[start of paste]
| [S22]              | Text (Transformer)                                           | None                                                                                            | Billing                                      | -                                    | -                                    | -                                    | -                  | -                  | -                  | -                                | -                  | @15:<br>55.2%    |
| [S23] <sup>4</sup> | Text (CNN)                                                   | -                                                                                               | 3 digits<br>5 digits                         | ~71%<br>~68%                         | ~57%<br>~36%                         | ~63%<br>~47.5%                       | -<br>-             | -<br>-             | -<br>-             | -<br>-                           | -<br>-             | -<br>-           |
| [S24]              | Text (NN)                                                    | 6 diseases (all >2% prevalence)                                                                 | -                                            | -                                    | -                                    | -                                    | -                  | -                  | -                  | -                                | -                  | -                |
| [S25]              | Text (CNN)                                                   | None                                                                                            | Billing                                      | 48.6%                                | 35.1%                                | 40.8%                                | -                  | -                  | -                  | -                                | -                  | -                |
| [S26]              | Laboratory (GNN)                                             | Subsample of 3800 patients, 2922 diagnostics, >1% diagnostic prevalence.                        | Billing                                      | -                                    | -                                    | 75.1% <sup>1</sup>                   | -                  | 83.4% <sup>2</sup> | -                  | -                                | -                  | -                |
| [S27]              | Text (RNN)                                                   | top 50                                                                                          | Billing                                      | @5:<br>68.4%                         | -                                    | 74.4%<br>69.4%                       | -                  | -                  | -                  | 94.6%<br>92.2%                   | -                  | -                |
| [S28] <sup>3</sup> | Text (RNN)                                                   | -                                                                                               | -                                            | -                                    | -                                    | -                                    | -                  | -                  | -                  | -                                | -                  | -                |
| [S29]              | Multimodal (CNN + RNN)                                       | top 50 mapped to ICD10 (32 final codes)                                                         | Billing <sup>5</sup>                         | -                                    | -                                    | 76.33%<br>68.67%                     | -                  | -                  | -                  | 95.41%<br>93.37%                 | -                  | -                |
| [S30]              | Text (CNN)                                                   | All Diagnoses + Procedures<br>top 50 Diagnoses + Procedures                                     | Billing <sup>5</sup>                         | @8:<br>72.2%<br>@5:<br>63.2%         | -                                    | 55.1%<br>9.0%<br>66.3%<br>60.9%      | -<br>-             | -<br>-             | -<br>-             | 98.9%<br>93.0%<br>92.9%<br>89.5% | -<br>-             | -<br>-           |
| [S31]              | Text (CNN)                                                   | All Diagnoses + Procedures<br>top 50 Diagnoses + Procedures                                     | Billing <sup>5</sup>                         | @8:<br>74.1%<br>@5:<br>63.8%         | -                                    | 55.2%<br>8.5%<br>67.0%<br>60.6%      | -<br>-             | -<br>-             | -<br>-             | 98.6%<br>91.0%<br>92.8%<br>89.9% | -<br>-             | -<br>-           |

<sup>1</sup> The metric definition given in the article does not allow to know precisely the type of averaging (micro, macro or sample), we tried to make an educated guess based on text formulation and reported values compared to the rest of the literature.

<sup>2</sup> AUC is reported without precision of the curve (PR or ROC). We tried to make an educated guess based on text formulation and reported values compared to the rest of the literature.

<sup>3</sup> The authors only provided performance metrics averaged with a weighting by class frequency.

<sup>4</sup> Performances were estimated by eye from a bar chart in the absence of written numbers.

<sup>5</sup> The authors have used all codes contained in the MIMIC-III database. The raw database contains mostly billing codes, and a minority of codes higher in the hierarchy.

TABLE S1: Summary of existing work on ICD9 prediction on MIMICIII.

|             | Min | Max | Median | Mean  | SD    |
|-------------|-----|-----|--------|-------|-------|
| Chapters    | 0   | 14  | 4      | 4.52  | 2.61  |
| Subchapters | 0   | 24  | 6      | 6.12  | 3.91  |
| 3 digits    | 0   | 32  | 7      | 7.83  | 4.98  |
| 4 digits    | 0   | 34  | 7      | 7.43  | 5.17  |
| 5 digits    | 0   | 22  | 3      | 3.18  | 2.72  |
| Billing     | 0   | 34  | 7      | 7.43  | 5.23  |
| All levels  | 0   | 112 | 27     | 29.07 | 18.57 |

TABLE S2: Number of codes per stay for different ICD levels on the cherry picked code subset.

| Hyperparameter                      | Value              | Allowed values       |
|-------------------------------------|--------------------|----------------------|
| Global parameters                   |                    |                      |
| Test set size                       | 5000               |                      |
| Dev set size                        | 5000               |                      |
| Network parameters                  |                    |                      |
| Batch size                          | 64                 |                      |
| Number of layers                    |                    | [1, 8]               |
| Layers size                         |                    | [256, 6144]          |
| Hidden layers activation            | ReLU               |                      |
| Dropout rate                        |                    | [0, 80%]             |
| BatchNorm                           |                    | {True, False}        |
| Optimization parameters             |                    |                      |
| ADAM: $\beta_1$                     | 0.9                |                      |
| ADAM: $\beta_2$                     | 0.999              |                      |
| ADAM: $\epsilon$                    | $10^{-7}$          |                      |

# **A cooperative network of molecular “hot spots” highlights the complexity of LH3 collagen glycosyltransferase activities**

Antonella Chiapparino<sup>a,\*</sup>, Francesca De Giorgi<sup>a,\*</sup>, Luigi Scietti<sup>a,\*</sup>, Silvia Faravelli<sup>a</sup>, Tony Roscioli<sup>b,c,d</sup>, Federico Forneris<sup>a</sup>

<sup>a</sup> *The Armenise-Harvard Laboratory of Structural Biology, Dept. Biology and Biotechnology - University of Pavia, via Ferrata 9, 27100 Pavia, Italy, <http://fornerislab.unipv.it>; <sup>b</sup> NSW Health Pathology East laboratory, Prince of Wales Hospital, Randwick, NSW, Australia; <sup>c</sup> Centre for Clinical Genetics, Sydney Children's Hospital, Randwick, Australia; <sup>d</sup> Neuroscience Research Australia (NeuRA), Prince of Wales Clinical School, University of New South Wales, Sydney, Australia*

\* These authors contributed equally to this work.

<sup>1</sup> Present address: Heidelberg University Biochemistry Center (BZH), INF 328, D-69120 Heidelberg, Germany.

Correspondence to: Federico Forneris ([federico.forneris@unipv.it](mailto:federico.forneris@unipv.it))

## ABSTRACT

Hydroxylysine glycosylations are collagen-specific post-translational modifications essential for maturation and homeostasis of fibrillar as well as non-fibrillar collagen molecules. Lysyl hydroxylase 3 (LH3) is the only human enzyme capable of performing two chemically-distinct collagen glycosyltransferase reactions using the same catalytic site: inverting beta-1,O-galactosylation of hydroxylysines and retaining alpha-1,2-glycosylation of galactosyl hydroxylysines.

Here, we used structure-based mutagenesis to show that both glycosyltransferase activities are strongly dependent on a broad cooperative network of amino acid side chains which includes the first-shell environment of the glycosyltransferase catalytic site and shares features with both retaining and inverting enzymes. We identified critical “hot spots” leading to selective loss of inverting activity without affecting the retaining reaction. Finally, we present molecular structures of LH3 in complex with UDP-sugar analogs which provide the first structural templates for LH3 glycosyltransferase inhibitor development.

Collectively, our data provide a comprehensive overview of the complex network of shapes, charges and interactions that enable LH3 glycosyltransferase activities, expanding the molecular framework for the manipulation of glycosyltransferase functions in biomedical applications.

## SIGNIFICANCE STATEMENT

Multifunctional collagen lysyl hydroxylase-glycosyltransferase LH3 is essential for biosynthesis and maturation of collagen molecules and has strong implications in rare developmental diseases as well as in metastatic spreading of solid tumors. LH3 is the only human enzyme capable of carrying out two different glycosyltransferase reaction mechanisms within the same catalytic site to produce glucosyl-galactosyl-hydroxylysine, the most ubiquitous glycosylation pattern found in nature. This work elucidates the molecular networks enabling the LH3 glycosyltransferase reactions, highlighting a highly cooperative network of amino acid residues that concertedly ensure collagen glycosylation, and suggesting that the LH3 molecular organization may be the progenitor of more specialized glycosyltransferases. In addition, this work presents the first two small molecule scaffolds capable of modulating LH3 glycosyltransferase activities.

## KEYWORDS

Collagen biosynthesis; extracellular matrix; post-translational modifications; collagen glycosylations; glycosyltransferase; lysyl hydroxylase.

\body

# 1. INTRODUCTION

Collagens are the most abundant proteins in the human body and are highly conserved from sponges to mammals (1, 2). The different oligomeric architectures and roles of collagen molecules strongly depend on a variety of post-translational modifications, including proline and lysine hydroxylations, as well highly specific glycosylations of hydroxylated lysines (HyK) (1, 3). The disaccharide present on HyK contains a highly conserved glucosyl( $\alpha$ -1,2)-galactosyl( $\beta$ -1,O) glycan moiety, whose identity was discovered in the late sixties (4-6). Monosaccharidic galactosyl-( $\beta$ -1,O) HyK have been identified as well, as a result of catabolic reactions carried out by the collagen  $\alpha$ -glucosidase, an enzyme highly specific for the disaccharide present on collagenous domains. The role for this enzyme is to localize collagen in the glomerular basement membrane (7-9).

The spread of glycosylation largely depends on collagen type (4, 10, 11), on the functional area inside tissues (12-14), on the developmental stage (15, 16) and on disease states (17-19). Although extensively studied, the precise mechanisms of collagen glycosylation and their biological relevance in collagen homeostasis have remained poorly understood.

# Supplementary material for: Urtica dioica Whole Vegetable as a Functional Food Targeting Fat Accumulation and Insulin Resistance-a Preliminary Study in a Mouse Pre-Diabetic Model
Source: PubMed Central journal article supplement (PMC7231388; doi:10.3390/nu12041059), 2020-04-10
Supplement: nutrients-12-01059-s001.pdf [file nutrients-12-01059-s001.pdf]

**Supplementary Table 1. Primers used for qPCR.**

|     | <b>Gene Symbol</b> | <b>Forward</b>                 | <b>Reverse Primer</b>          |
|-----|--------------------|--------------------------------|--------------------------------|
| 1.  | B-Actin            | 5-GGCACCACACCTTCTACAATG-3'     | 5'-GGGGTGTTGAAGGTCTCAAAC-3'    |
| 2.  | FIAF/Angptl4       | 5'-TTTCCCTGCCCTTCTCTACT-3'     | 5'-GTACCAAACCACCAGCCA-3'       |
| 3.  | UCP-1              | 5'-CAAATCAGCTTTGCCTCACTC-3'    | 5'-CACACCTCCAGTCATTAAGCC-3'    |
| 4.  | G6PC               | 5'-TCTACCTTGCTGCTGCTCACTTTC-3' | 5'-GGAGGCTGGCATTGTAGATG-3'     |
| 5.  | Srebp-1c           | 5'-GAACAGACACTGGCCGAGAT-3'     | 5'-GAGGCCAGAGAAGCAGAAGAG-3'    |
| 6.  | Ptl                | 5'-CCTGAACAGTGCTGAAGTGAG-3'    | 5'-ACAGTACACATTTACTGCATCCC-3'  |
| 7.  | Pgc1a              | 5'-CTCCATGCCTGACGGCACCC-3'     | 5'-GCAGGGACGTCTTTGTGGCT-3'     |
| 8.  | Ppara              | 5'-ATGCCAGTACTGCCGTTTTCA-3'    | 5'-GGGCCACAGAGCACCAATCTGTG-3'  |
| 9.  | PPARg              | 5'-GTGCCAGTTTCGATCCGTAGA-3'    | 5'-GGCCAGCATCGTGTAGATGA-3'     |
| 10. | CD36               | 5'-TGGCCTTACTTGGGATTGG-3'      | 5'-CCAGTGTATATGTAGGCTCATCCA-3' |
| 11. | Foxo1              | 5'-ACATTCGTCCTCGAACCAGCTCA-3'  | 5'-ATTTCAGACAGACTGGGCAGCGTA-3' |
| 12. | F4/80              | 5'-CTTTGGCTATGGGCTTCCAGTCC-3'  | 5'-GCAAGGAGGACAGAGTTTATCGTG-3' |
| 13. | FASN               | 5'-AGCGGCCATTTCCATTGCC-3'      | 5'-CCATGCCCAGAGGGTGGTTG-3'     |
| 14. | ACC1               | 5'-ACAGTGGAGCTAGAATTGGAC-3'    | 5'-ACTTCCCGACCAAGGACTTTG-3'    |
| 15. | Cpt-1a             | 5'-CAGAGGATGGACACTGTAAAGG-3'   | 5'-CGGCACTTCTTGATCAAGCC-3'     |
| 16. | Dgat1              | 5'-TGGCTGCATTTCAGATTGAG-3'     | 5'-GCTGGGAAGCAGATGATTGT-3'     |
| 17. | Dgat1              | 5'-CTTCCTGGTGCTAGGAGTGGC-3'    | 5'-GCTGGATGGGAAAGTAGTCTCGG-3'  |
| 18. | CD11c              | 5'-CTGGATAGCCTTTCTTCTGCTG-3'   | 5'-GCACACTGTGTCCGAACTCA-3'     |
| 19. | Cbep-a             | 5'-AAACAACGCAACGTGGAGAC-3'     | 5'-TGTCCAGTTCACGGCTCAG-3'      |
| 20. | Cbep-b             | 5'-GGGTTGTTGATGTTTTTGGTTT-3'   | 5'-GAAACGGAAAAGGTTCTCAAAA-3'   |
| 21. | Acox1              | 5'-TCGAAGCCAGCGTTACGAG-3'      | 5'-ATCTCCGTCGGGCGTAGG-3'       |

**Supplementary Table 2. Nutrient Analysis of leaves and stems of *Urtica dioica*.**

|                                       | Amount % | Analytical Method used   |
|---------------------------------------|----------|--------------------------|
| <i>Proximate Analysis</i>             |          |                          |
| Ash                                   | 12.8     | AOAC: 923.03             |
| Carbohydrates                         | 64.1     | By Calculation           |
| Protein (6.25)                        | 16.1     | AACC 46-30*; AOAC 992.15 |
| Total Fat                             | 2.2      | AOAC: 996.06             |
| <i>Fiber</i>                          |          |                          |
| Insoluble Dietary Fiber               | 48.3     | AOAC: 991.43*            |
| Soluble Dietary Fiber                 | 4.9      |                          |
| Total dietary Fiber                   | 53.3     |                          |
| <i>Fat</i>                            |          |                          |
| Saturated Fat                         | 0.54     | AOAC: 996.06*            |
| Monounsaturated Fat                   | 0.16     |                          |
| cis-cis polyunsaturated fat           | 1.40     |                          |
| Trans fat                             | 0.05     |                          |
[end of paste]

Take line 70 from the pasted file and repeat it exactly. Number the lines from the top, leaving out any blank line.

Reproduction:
| 4.  | G6PC               | 5'-TCTACCTTGCTGCTGCTCACTTTC-3' | 5'-GGAGGCTGGCATTGTAGATG-3'     |